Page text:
Down and Out in the Magic Kingdom, David Moles         
Given a world where the theme park is not only run by AI but the human role players are intelligences removed for the life of their contract from their human bodies and inserted into personalities that interact with theme park guests. Suppose, next, that the theme park is purchased in a hostile takeover by two more AIs who are not particularly interested in honoring the terms of the existing employee contracts. These new AI control the servers where the employee consciousnesses are hosted making the employees virtual slaves – and you must admire the pun. The story, then, becomes the employee rebellion, its means and its outcome. You must be willing to deal with game industry slang to get through the story but, if you abide that nuisance, it plays well.

The Rabbi’s Hobby, Peter S. Beagle        
Given a Rabbi who collects things, boxer trading cards, paper matchbooks, those little sugar things you get when you order coffee at restaurants, keys, and magazines. Mix in a young man prepping for his 1951 Bar Mitzvah, a prep drastically needed because he cannot seem to grasp the nuances of Hebrew. During his breaks the Rabbi introduces him to a young woman on the cover of a magazine named Evening. She is the most fascinating woman either has ever seen. They began a search for who she was, who she might be, a search that takes them to a sister, daughter of the photographer who was father to the girl who died on the day she was born in 1907. How did she get into her father’s photography?

The Seventh Expression of the Robot General, Jeffrey Ford       
Retired generals are more often than not an embarrassment to the current government. If the retired general in question is a robot, a badly deteriorating robot at that, the embarrassment is exaggerated. The robot was built with the capability to form seven expressions suitable to the job he was designed to perform, win the war. The seventh expression, described as a god-like expression, enchanted troops to make them extensions of his own determination to win. He did that; he won the war. Now, he just wants to die. Hiring someone to do the job is a problem. The one likely candidate wants to preserve his head, mores specifically the brain in his head. It’s enough to make the general fight one last battle.

Skin Deep, Richard Parks             
Given a young woman who inherits the skills and the magic artifacts of her grandmother to become the Wise Woman of Endby. The artifacts are skins that she dons to accomplish specific tasks: there is a Tinker skin for maintaining the homestead, an Oaf for the mindless heavy lifting required, a Soldier for protection, and another whose identity she discovers over time. The young woman beings the tale uncertain of her own wishes for her life but feeling locked into following her grandmother. Events of the story propel her to recognition of the true relationship between herself and the skins as well as the kind of life she wants to live. With a definite finality in her actions, she makes her choice and faces the life she has made for herself. It is a tale far more warm and human than this synopsis might suggest.

Ex Cathedra, Richard Parks                         
Given a far future with time travelers, and buildings bigger on the inside on the out. It’s that building that, that cathedral you want to concentrate on. It’s the Cathedral of Justice, a place where everything in the EM spectra related to humanity is collected and cached. The hero is the manager of the project building. He’s also a time traveler and that presents a peculiar problem for him. Time travelers are not allowed children, too many complications when travelers go forward and back, back before the children were born. Parks provides the rationale and it works except that it doesn’t work for the hero. Another time traveler is on to him, though, and the story is how he deals with the imposition on his existence. Yes, the solution lies within the Cathedral albeit ignoring for the moment the concept of Justice. Despite the mismatch between title and story, the time traveling and building work.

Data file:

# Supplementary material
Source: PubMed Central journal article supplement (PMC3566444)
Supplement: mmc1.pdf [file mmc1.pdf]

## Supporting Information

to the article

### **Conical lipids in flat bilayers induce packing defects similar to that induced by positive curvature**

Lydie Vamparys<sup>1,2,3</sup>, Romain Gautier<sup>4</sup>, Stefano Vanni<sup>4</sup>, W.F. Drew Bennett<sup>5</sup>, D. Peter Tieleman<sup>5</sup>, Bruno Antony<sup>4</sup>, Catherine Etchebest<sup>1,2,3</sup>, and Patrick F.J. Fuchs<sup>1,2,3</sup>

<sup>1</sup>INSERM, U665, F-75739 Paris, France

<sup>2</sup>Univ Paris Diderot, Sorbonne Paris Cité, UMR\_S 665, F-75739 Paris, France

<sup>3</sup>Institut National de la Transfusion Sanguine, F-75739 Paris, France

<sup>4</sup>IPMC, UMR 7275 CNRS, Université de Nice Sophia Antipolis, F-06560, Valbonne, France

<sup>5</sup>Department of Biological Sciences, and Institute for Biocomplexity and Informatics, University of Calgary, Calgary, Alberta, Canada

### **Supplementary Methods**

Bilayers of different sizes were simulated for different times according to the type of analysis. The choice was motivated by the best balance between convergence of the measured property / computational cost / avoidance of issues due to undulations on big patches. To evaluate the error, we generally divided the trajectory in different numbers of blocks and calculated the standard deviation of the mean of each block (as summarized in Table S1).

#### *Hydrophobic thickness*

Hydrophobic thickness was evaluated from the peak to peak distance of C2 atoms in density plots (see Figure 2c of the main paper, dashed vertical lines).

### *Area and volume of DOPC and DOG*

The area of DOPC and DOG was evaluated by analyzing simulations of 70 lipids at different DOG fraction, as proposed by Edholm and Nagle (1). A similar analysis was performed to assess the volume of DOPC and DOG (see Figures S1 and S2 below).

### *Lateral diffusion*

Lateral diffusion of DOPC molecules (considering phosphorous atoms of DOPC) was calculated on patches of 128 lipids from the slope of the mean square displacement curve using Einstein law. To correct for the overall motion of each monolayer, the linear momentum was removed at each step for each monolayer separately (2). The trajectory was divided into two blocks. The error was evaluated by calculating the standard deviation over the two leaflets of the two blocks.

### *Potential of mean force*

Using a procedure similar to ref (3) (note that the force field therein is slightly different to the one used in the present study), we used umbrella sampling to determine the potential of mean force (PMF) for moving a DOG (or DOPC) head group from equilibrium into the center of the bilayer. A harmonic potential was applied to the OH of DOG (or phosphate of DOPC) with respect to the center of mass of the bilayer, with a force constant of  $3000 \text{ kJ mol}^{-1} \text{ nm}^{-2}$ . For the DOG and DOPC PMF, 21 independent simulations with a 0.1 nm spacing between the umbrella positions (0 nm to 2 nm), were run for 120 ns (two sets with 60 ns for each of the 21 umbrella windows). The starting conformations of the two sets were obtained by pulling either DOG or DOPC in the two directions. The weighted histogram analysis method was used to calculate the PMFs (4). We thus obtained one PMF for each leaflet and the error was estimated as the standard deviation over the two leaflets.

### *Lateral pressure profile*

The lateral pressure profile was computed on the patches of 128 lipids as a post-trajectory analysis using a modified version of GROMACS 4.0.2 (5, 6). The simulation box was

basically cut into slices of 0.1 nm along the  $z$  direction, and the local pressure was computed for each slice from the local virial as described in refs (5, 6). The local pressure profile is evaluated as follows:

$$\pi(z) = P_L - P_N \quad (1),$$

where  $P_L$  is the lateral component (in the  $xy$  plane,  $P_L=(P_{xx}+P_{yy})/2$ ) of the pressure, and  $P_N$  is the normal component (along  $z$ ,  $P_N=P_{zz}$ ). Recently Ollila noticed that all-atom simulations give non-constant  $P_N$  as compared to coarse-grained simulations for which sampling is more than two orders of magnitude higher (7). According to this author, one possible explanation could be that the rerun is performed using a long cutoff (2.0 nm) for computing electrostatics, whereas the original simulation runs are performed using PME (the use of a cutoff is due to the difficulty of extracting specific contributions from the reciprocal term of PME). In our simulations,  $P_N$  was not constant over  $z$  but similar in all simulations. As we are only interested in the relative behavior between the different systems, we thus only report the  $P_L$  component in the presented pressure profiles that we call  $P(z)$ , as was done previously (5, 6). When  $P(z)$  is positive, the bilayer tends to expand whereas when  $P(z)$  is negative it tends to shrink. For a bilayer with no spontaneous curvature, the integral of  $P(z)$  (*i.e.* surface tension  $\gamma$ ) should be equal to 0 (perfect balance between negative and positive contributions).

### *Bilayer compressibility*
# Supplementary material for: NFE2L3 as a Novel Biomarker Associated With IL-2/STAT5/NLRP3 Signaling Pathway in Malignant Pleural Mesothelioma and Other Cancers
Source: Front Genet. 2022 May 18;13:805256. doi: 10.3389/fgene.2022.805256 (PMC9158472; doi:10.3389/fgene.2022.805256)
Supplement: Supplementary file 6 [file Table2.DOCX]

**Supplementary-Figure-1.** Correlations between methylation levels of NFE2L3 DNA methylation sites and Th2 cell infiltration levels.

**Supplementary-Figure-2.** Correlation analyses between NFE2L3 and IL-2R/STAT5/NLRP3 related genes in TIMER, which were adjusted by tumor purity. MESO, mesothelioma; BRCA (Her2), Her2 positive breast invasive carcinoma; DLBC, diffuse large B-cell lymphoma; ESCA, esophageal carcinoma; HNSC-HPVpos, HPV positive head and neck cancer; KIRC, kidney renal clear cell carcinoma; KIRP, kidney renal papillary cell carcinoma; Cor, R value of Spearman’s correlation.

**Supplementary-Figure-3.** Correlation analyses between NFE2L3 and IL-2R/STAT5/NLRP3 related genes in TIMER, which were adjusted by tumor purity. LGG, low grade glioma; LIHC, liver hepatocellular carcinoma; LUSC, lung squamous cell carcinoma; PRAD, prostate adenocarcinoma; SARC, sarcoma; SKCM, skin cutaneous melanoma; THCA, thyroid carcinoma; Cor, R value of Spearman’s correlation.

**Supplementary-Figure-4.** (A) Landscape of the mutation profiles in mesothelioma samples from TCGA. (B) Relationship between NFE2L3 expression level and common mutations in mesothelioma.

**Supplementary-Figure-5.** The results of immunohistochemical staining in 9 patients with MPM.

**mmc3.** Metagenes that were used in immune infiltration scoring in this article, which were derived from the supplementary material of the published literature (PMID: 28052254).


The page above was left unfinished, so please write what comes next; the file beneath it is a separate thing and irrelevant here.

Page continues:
Truth Window: A Tale of the Bedlam Rose, Terry Dowling           
Given an earth as a Cohabitation conquered by one race but administered by 3 client races, a time comes when the administrators are presented a problem in human behavior. The problem comes in three parts: an increasing usage of the phrase By the Lady who may also be referred to as Lady Mondegreen; a church with one window built on a site where the view is of the earth as it is remembered by the defeated humans; and the cleric’s insistence on referring to the window as a truth window. Representatives of the three administrative races meet at the church to investigate and to decide what needs be done. The cleric poses the question to her inquisitors: could this be what the conquerors intended? The administrators agree that what they decide, by default, is what the conquerors intended. Dowling does his best not to answer the question.

Fury, Alastair Reynolds 
Given a far future emperor, the target of an assassination, whose ability to transfer himself from body to body makes him virtually eternal. Give him a security professional who has been with him so long that both have forgotten the circumstances of their partnership. Make the security expert a unique robot, one of only a hundred or so ever made and maybe the last. Have the security expert discover from the forensics of the assassination a message: am I my brother’s keeper? Then follow the investigation to its conclusion where that question and more are answered. Crime and punishment, rehabilitation, redemption, all covered in a tightly knit story that holds together beginning to end better than most.

Fifteen stories that did for me what Strahan stated they did for him: swept me away into the author’s world for as long as it lasted, or made me think differently about something I thought I had resolved for myself a long time ago. Recommended.


© 2010 Dan Bieger